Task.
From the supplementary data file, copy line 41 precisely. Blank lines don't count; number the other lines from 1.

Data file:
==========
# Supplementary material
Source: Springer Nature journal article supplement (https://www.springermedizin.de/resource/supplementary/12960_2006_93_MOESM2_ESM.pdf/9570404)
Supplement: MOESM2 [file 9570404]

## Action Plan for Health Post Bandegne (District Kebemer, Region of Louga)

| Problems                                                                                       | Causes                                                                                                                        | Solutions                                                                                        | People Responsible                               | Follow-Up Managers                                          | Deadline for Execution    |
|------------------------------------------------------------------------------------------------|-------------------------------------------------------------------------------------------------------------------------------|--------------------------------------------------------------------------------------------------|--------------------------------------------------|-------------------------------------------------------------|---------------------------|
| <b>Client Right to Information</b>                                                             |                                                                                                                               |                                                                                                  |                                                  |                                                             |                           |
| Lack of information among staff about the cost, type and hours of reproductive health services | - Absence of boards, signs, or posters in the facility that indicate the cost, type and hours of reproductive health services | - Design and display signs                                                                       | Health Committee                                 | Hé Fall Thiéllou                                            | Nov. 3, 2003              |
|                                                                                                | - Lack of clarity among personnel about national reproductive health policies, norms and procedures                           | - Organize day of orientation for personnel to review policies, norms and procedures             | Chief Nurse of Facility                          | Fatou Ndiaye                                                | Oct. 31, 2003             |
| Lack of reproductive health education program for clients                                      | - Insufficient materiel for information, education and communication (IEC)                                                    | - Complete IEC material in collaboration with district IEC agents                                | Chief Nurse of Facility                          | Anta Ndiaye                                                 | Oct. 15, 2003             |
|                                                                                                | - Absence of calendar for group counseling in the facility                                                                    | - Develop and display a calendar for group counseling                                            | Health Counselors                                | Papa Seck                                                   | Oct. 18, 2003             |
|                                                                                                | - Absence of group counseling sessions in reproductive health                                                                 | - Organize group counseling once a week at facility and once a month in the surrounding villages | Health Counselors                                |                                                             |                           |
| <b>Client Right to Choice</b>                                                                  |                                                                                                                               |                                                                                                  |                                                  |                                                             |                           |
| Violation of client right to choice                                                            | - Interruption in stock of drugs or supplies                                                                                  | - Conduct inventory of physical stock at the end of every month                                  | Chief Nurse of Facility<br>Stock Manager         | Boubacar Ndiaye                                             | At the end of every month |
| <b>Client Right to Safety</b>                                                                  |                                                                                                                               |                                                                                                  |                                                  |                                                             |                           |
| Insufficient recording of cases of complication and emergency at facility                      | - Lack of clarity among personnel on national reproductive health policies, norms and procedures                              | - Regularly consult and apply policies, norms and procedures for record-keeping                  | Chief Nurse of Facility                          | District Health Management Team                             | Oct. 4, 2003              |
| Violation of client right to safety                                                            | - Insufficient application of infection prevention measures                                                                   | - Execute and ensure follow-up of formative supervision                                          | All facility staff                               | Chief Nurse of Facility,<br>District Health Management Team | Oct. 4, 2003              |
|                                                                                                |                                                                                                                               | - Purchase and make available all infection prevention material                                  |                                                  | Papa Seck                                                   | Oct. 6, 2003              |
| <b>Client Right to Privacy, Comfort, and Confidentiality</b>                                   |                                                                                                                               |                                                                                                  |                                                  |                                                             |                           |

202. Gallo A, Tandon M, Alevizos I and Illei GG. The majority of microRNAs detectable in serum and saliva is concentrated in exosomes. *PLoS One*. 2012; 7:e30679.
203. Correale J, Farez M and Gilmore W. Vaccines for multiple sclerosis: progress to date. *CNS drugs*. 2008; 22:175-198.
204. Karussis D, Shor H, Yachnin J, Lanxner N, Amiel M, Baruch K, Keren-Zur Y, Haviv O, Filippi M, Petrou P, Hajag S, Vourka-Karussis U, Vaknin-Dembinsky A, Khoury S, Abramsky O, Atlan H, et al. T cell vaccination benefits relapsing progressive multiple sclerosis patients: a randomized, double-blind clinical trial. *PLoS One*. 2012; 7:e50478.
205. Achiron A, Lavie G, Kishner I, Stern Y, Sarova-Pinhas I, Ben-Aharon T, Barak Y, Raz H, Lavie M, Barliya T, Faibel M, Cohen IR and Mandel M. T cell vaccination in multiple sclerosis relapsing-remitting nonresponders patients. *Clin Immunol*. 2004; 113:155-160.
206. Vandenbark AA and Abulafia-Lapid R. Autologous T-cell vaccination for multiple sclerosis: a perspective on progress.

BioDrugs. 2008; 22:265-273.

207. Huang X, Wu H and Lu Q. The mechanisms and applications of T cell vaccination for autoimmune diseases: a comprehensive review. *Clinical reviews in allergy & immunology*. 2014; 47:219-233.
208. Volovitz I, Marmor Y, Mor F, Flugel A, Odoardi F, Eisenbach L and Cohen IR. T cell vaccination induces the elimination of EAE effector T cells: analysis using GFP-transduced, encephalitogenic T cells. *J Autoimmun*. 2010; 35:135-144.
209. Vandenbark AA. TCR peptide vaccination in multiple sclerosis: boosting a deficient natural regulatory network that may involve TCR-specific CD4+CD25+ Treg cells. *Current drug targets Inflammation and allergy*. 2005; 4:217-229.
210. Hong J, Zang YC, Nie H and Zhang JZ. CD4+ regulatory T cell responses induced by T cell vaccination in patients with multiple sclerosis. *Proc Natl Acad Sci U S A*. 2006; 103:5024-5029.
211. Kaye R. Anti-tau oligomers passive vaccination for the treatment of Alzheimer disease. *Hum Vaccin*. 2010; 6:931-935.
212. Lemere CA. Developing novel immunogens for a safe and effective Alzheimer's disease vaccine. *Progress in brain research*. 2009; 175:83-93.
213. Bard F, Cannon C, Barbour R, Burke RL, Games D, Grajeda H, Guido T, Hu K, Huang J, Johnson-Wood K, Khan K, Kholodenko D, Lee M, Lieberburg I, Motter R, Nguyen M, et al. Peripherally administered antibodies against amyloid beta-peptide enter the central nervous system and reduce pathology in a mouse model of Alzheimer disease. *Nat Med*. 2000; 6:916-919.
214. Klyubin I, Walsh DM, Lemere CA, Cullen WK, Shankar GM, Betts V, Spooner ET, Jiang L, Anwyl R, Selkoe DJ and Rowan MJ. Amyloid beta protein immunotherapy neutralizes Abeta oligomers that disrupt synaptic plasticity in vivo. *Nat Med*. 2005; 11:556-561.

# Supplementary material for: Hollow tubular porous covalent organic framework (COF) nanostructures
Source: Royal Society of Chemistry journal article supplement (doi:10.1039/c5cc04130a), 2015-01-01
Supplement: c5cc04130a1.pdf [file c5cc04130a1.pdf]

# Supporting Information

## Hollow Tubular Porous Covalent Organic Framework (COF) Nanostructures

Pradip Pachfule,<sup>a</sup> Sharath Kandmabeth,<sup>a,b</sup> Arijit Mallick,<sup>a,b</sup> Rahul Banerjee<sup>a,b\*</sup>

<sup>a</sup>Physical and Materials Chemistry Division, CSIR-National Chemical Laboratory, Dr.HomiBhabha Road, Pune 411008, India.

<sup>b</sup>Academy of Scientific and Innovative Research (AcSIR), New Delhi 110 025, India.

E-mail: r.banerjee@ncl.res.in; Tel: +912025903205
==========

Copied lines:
<sup>b</sup>Academy of Scientific and Innovative Research (AcSIR), New Delhi 110 025, India.